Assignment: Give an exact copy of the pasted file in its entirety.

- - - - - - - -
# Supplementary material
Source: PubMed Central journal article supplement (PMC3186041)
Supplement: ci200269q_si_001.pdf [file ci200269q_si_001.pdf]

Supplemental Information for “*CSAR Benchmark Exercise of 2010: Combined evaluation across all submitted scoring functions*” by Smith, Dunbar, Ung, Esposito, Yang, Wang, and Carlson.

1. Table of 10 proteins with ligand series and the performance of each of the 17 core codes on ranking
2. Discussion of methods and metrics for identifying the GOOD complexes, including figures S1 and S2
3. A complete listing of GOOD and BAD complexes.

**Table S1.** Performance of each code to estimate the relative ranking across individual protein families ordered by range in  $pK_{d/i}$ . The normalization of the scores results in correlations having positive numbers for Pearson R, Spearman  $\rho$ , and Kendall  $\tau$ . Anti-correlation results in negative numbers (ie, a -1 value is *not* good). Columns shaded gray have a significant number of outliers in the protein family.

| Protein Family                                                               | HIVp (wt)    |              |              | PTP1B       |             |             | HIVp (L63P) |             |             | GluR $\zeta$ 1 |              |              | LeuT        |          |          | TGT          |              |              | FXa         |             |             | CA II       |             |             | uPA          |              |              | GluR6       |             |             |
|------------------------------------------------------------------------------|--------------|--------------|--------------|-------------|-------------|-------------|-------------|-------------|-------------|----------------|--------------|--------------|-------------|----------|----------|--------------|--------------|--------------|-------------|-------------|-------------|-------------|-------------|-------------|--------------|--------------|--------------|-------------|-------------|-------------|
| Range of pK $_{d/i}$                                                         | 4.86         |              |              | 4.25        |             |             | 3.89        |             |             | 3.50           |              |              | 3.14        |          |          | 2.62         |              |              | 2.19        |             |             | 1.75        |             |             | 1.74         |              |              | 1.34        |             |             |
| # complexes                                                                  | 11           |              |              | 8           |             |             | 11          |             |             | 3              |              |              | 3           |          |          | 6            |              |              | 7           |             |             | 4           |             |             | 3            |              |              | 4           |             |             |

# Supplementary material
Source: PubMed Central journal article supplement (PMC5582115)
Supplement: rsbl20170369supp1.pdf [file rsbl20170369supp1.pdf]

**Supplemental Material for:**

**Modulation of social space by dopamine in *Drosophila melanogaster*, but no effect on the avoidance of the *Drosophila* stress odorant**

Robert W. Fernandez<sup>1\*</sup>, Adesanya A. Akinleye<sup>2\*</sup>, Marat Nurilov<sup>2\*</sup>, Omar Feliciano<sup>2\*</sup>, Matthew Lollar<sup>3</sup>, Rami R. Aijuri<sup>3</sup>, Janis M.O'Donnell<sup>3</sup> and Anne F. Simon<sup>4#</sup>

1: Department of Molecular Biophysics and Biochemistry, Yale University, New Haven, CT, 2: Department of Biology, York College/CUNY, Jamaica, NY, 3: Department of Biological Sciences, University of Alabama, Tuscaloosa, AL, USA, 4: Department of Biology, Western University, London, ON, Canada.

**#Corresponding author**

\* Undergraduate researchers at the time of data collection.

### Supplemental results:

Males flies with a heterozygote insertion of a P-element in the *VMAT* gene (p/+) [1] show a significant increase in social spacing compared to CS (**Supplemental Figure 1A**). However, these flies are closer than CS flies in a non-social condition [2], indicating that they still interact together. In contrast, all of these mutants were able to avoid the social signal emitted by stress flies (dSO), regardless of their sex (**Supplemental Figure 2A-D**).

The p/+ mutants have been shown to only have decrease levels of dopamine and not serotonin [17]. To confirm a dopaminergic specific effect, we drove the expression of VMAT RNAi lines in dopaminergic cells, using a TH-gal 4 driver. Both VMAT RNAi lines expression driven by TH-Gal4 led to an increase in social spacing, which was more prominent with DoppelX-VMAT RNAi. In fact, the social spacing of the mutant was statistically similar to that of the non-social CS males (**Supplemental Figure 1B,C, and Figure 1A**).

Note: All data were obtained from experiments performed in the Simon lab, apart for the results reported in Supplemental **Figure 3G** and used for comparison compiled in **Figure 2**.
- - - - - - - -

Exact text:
# Supplementary material
Source: PubMed Central journal article supplement (PMC3186041)
Supplement: ci200269q_si_001.pdf [file ci200269q_si_001.pdf]

Supplemental Information for “*CSAR Benchmark Exercise of 2010: Combined evaluation across all submitted scoring functions*” by Smith, Dunbar, Ung, Esposito, Yang, Wang, and Carlson.

1. Table of 10 proteins with ligand series and the performance of each of the 17 core codes on ranking
2. Discussion of methods and metrics for identifying the GOOD complexes, including figures S1 and S2
3. A complete listing of GOOD and BAD complexes.

**Table S1.** Performance of each code to estimate the relative ranking across individual protein families ordered by range in  $pK_{d/i}$ . The normalization of the scores results in correlations having positive numbers for Pearson R, Spearman  $\rho$ , and Kendall  $\tau$ . Anti-correlation results in negative numbers (ie, a -1 value is *not* good). Columns shaded gray have a significant number of outliers in the protein family.

| Protein Family                                                               | HIVp (wt)    |              |              | PTP1B       |             |             | HIVp (L63P) |             |             | GluR $\zeta$ 1 |              |              | LeuT        |          |          | TGT          |              |              | FXa         |             |             | CA II       |             |             | uPA          |              |              | GluR6       |             |             |
|------------------------------------------------------------------------------|--------------|--------------|--------------|-------------|-------------|-------------|-------------|-------------|-------------|----------------|--------------|--------------|-------------|----------|----------|--------------|--------------|--------------|-------------|-------------|-------------|-------------|-------------|-------------|--------------|--------------|--------------|-------------|-------------|-------------|
| Range of pK $_{d/i}$                                                         | 4.86         |              |              | 4.25        |             |             | 3.89        |             |             | 3.50           |              |              | 3.14        |          |          | 2.62         |              |              | 2.19        |             |             | 1.75        |             |             | 1.74         |              |              | 1.34        |             |             |
| # complexes                                                                  | 11           |              |              | 8           |             |             | 11          |             |             | 3              |              |              | 3           |          |          | 6            |              |              | 7           |             |             | 4           |             |             | 3            |              |              | 4           |             |             |

# Supplementary material
Source: PubMed Central journal article supplement (PMC5582115)
Supplement: rsbl20170369supp1.pdf [file rsbl20170369supp1.pdf]

**Supplemental Material for:**

**Modulation of social space by dopamine in *Drosophila melanogaster*, but no effect on the avoidance of the *Drosophila* stress odorant**

Robert W. Fernandez<sup>1\*</sup>, Adesanya A. Akinleye<sup>2\*</sup>, Marat Nurilov<sup>2\*</sup>, Omar Feliciano<sup>2\*</sup>, Matthew Lollar<sup>3</sup>, Rami R. Aijuri<sup>3</sup>, Janis M.O'Donnell<sup>3</sup> and Anne F. Simon<sup>4#</sup>

1: Department of Molecular Biophysics and Biochemistry, Yale University, New Haven, CT, 2: Department of Biology, York College/CUNY, Jamaica, NY, 3: Department of Biological Sciences, University of Alabama, Tuscaloosa, AL, USA, 4: Department of Biology, Western University, London, ON, Canada.

**#Corresponding author**

\* Undergraduate researchers at the time of data collection.

### Supplemental results:

Males flies with a heterozygote insertion of a P-element in the *VMAT* gene (p/+) [1] show a significant increase in social spacing compared to CS (**Supplemental Figure 1A**). However, these flies are closer than CS flies in a non-social condition [2], indicating that they still interact together. In contrast, all of these mutants were able to avoid the social signal emitted by stress flies (dSO), regardless of their sex (**Supplemental Figure 2A-D**).

The p/+ mutants have been shown to only have decrease levels of dopamine and not serotonin [17]. To confirm a dopaminergic specific effect, we drove the expression of VMAT RNAi lines in dopaminergic cells, using a TH-gal 4 driver. Both VMAT RNAi lines expression driven by TH-Gal4 led to an increase in social spacing, which was more prominent with DoppelX-VMAT RNAi. In fact, the social spacing of the mutant was statistically similar to that of the non-social CS males (**Supplemental Figure 1B,C, and Figure 1A**).

Note: All data were obtained from experiments performed in the Simon lab, apart for the results reported in Supplemental **Figure 3G** and used for comparison compiled in **Figure 2**.